How Fiber Can Help You Lose Weight
Want to make your weight loss regime a lot less strenuous? Eating high-fiber foods just may be the key to shedding pounds fast and efficiently.
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Fresh fruits and veggies, whole grains, nuts and seeds, and hearty beans are not only low in fat and calories, but they also cause a drop in appetite that’ll keep you from grabbing those naughty in-between snacks.
Fiber Helps Weight Loss
Studies show that most people eat about the same weight of food each day. If you choose high-fiber, water-rich foods — such as broth-based vegetable soups, salads, fruits, and vegetables — instead of foods without fiber and water, you can eat the same weight of food but feel full on fewer calories.
Beyond the fiber content, crunching and chewing dietary fiber stimulates your senses and takes longer to eat. So psychologically, it may also be more satisfying than beverages or soft foods. Chewing also promotes saliva and the production of stomach juices that help fill the stomach.
Fiber at Breakfast Is a Healthy Weight Loss Habit
In its tracking of the eating habits of successful dieters — those big losers who have kept weight off for years — the National Weight Control Registry has found that most eat breakfast regularly. And cereal is one of their morning rituals.
In general, eating cereal — especially high-fiber cereals — is beneficial for weight loss. Studies that look at what people eat show those who eat more carbs, more fiber, and cereal in general weigh less than those who eat less fiber, carbs, and cereal.
Add Fiber Calories Wisely and Slowly
Slowly adding more fiber to your diet can avoid bloating and gas by giving your body time to adapt. It is also important to drink plenty of liquids while increasing fiber.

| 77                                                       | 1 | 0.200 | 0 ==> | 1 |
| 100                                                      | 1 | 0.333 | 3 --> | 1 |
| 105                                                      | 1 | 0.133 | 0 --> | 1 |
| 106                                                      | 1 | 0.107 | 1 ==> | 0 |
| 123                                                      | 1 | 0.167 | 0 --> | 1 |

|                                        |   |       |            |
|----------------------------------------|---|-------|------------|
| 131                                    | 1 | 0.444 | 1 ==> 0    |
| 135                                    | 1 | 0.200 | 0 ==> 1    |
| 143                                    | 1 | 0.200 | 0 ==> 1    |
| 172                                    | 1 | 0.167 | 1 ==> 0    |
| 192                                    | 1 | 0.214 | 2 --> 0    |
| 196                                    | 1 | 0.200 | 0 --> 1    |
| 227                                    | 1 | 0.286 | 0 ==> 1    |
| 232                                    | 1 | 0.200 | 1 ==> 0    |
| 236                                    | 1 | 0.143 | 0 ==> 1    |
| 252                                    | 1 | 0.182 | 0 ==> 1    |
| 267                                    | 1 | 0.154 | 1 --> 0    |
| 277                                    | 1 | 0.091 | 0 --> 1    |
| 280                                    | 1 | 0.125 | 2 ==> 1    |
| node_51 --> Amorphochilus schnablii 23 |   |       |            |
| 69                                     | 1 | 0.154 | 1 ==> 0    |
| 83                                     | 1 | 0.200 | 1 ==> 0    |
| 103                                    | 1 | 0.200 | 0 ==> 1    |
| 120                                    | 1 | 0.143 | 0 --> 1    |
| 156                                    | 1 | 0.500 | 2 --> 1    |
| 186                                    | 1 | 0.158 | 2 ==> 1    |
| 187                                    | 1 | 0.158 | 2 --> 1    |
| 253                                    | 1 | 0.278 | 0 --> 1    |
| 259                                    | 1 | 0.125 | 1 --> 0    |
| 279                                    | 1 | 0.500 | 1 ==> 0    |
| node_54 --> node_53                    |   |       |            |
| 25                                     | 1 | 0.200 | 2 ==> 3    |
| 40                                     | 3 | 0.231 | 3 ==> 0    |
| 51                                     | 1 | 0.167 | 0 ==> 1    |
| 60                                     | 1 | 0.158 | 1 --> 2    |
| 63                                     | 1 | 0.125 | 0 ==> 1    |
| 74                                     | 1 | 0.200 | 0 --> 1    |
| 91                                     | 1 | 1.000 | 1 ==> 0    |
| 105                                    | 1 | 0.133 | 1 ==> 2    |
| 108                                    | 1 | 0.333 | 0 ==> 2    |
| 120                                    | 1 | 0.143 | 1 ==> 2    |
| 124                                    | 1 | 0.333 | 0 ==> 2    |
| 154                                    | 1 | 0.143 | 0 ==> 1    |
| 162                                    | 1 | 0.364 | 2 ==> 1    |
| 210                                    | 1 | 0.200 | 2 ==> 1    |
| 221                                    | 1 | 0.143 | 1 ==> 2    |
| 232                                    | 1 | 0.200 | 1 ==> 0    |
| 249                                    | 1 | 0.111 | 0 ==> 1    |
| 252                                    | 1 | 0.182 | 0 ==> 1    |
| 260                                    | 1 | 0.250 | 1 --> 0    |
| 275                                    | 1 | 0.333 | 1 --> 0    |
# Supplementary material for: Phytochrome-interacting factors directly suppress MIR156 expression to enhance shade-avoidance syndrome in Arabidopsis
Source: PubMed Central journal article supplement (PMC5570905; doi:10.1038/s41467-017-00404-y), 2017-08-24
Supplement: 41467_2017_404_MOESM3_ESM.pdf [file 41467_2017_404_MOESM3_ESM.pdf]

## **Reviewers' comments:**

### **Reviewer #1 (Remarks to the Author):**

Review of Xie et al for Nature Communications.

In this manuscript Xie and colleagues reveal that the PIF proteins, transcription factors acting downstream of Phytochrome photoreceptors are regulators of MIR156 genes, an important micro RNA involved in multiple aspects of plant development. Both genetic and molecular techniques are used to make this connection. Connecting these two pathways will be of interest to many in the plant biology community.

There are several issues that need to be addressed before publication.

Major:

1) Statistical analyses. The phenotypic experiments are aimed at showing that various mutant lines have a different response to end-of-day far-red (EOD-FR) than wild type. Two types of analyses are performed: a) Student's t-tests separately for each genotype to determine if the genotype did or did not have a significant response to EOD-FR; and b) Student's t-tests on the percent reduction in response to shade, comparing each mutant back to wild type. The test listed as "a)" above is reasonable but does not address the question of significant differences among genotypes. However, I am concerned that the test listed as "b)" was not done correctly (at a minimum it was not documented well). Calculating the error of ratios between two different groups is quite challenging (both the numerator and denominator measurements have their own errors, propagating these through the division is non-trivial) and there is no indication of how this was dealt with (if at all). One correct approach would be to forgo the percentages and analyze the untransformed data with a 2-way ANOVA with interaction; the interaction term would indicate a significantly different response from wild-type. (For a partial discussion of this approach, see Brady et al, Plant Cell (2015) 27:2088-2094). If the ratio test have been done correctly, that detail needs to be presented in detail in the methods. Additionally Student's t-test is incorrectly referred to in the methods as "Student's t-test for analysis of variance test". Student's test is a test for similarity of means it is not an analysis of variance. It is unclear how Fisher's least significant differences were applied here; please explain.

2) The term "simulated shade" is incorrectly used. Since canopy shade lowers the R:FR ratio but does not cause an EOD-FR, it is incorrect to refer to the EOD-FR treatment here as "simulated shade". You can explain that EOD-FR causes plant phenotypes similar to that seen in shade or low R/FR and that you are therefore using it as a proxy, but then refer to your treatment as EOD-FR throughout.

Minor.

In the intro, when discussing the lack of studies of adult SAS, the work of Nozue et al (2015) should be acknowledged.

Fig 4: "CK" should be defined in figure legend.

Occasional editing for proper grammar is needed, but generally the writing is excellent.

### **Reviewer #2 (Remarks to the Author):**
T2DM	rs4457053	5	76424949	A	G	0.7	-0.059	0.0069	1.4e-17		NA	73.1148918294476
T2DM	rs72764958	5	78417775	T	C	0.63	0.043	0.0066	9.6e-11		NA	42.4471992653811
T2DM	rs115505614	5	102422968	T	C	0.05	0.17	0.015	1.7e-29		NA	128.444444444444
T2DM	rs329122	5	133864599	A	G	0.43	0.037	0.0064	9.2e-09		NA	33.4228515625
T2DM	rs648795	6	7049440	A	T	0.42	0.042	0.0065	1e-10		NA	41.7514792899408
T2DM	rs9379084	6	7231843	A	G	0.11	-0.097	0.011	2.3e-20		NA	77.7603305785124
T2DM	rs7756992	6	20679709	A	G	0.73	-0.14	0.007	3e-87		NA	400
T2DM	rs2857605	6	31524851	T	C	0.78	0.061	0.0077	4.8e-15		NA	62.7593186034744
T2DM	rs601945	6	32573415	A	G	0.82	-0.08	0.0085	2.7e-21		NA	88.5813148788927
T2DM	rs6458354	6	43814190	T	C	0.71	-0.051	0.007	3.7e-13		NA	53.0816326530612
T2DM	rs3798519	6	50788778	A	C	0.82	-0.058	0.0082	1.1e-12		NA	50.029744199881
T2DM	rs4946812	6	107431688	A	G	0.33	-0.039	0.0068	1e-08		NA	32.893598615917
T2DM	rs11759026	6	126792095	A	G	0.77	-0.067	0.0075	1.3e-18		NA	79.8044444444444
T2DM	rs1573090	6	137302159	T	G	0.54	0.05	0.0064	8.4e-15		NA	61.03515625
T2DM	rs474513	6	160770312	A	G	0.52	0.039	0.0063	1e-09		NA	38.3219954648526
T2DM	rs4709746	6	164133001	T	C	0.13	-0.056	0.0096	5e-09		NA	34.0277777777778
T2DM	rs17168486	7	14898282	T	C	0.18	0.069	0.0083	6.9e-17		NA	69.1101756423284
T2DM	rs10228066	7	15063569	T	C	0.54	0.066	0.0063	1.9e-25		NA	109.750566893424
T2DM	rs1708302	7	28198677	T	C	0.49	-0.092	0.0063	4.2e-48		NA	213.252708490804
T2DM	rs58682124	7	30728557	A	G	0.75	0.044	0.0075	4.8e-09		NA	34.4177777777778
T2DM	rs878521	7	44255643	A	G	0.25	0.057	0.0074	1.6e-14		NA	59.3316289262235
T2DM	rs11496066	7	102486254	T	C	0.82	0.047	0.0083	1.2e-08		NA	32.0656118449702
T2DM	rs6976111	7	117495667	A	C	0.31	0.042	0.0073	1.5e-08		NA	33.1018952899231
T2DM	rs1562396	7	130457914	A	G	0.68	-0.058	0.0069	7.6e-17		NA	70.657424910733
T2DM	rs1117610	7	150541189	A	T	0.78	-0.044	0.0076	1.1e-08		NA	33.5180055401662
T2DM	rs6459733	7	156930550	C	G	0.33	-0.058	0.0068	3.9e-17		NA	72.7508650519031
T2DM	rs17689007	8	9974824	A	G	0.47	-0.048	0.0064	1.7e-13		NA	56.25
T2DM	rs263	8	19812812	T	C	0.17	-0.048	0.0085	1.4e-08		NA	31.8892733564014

Try these tips for adding more low-calorie foods to your meal plan to boost fiber while keeping calories in check:
- Eat whole fruits instead of fruit juice.
- Snack on veggies.
- Make vegetables a main course.
- Add a filling vegetable salad instead of a starchy salad as a side dish with meals.
- Enjoy a bowl of vegetable-based broth soup before meals.
- Start the day with a high-fiber cereal topped with fruit and low-fat dairy.
- Eat more beans.
- Make all your grains whole and limit them to a few servings each day.
- Add nuts and seeds to your weight loss plan, but keep the portions small because they are high in fiber and calories.
Experts are quick to point out that fiber alone won’t peel off the pounds. You still need to eat a healthy, calorie-controlled diet and get regular physical activity. But controlling or maintaining your weight is easier with a diet rich in fiber.
Surprisingly Healthy Barbecue Food
So…what is the healthiest barbecue food?
‘Tis the season of summer barbecue classics: burgers, hot dogs, potato salad. And don’t forget the pie, cakes, cookies…and ice cream!
While traditional warmer-weather meals tend to not always be the healthiest for you, you can still dig in without gaining weight.
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What’s the best way to attend a barbecue and actually eat? It’s about making the right satisfying choices, while skipping (or drastically reducing your portion size of) the worst ones.